Mastering DataBy Tom Steinert-Threlkeld | Posted 2002-06-17 Print
Mastercard thinks it can catch up to Visa. Its latest weapon: analytical tools it develops for credit card issuers.
Mike Bray was looking forward to his Memorial Day weekend last year.
But he wasn't planning a cookout.
He would spend all his time indoors, at MasterCard International's new operations center in a suburb of St. Louis. His mind was focused on 4 p.m. Saturday, May 26.
That's when three years of planning and building a massive new data center for the association of credit card-issuing banks would come to a head. What used to be housed in four floors in three buildings scattered around the metropolitan area would be expected to be operating smoothly in a single wing of a 525,000-square-foot, $135 million complex on formerly open land.
The association's top executives and Bray, its vice president of computer and network services, had chosen Memorial Day weekend because it provided one more day to recover in case something went wrong.
Bray's team had created a mirror copy at its new site of all the data that existed on Hitachi, Sun, Amdahl and IBM storage units, using a single tool from EMC. The crew arranged to have files sent from banks the night before. It tested the file transmission capability between the new site and around 200 of its key member banks.
The attention to detail paid off. When the moment of truththe switchoveroccurred that Saturday afternoon, nothing untoward happened. Bray was sitting on top of a 50 terabyte mine of data. That's 50 trillion numbers and letters of information. And members of the association barely noticed the change, continuing to clear and settle $4 billion worth of consumer purchases a day.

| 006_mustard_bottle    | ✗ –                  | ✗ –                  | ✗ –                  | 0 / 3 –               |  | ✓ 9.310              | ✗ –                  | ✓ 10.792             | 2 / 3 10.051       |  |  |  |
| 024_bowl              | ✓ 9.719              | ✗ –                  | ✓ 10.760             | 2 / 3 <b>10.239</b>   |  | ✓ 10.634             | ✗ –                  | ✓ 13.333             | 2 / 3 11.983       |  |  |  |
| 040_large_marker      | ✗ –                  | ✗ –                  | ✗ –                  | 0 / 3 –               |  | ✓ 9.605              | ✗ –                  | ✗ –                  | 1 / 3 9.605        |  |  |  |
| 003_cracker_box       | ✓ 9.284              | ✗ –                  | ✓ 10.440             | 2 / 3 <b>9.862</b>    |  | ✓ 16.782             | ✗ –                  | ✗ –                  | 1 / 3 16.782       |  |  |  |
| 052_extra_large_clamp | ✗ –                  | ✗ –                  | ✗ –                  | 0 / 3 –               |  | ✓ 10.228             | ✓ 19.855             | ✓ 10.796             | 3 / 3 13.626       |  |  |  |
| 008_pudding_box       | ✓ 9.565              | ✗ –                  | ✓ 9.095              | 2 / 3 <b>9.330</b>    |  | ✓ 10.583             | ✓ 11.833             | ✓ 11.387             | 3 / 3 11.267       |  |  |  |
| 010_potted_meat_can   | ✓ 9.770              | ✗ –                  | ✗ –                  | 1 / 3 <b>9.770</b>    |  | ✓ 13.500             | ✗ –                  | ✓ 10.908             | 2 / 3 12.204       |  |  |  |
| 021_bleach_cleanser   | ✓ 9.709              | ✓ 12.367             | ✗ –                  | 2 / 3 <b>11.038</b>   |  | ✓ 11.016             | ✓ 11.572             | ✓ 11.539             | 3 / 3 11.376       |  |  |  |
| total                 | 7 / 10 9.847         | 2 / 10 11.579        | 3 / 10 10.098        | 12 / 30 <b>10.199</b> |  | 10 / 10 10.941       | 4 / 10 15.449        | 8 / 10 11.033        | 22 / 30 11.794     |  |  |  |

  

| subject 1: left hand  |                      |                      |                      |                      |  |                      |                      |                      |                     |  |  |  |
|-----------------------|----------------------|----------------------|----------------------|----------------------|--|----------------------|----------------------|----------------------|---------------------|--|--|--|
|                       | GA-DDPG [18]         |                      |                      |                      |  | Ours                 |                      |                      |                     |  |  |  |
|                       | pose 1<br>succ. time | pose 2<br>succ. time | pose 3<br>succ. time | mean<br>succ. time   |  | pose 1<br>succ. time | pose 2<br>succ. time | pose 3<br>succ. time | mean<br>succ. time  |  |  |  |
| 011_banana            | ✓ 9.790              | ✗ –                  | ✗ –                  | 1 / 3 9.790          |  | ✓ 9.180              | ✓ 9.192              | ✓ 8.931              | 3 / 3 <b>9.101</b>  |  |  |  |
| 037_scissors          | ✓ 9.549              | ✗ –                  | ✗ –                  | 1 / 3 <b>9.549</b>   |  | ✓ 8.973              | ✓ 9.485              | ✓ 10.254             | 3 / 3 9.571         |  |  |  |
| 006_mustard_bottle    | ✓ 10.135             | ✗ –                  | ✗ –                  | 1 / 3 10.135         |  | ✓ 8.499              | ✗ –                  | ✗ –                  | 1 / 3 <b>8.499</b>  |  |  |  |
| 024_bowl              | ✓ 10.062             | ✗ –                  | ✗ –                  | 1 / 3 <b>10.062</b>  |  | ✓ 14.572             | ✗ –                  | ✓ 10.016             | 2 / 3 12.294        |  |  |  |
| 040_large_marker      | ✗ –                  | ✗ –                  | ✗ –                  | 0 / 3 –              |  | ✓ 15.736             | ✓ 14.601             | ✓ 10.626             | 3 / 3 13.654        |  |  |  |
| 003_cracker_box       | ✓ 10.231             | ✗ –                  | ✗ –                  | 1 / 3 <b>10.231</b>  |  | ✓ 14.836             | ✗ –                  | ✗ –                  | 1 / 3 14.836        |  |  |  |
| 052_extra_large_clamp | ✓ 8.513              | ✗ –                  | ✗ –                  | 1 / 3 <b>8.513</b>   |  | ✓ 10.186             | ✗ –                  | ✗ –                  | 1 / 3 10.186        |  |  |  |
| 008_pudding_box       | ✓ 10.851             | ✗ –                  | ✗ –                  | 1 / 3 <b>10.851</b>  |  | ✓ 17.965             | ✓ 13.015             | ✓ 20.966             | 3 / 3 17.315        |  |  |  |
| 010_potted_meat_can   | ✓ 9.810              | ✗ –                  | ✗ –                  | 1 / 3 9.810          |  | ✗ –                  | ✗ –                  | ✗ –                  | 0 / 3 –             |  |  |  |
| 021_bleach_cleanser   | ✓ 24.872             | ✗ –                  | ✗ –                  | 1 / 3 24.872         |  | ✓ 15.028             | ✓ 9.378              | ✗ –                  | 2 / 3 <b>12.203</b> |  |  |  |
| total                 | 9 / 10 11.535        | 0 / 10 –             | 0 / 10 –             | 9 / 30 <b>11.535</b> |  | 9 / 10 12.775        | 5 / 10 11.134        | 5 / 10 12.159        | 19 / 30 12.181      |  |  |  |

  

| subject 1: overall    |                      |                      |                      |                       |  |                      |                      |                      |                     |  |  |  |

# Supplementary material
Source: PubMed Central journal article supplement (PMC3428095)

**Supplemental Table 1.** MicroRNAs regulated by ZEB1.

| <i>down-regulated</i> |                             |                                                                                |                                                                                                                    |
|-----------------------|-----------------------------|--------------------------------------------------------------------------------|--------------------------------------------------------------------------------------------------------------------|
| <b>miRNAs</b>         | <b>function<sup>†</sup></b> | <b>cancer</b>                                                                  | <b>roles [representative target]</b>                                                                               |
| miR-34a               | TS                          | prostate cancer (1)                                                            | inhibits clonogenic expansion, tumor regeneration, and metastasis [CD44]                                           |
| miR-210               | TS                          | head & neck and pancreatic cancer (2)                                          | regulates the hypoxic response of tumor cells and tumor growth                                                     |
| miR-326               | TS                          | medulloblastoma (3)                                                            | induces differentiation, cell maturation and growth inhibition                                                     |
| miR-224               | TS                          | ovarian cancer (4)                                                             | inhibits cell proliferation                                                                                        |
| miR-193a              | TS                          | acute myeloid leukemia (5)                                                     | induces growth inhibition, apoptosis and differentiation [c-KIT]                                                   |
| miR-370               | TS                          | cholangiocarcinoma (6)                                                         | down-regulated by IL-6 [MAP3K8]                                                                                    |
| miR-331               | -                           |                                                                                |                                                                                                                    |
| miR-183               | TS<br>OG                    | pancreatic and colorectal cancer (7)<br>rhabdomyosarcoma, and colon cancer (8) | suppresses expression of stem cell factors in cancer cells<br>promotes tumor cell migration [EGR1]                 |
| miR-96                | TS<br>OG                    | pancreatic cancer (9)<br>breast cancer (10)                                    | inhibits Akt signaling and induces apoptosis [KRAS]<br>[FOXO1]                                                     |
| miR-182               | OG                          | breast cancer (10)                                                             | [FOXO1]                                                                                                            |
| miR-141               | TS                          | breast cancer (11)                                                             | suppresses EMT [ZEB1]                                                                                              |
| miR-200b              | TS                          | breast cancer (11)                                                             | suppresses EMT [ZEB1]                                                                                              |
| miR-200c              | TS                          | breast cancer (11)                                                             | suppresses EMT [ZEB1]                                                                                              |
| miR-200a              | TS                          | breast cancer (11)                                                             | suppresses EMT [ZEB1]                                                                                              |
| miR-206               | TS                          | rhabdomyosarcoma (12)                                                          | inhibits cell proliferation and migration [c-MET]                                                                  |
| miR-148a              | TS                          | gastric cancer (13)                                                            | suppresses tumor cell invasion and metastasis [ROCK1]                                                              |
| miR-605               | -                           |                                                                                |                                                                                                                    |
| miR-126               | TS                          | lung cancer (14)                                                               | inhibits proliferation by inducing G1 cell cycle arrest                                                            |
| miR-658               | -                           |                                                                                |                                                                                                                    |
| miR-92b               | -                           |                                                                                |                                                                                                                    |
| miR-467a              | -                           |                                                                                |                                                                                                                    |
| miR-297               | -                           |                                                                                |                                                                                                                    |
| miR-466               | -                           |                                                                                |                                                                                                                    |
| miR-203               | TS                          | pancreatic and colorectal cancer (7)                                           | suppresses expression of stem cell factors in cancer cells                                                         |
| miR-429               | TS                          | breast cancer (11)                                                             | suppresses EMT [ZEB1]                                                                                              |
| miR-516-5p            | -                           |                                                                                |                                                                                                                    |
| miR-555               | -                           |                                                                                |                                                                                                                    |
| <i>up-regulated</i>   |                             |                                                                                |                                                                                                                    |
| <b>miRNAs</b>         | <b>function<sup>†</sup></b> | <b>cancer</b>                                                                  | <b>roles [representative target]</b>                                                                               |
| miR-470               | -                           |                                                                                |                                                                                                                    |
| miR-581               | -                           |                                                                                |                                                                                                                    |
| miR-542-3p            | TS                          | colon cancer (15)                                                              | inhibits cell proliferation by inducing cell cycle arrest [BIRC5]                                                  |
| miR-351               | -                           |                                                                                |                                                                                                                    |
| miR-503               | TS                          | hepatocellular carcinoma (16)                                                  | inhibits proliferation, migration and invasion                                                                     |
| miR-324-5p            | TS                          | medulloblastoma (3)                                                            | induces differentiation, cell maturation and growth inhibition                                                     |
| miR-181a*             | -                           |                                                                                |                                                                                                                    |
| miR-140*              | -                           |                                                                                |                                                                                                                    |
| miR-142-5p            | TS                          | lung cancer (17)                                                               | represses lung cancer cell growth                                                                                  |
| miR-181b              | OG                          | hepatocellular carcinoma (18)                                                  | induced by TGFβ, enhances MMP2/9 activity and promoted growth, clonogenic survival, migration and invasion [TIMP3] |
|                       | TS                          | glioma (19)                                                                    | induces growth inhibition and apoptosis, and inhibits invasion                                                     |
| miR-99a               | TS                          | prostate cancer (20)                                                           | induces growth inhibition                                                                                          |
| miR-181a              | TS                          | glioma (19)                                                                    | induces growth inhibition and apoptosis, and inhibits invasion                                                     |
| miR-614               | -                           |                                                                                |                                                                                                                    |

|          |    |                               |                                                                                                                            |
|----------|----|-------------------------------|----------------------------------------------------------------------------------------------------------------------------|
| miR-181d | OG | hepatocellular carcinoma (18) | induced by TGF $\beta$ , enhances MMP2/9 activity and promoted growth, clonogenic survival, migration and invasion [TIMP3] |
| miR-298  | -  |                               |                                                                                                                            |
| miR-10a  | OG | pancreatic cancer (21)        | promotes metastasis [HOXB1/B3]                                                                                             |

The around-the-clock value of this mound of information cannot be overestimated in the brutal, cover-every-bet competition between MasterCard and Visa for shares of member banks' business. "The credit card business lives and dies by data," says Ted Iacobuzio, director of consumer credit research for TowerGroup, a research and consulting firm in Needham, Mass., "because it pretty much determines revenue and profitability once a card is issued."
The aim of the data warehouse is to include every transaction handled for members over a three-year period, capturing the dollar amount, the card number, the location and the merchant in each instance. The system does not include names or addresses or information from other companies' databases, to protect individuals' privacy.
Survey data can be added in and MasterCard is looking internally at how to "model on top" of the pile with additional data such as ZIP codes. Demographic data, on incomes, ages and the like, are not part of the plan, according to Andrew Clyne, MasterCard's vice president of systems development.
But both MasterCard and Visa now are moving beyond just warehousing the data on spending patterns and providing reports to their members. In the latest phase of their rivalry, they are giving members such as J.P. Morgan Chase or Bank of America access to the data directlyand tools to analyze what they see, while they are online.
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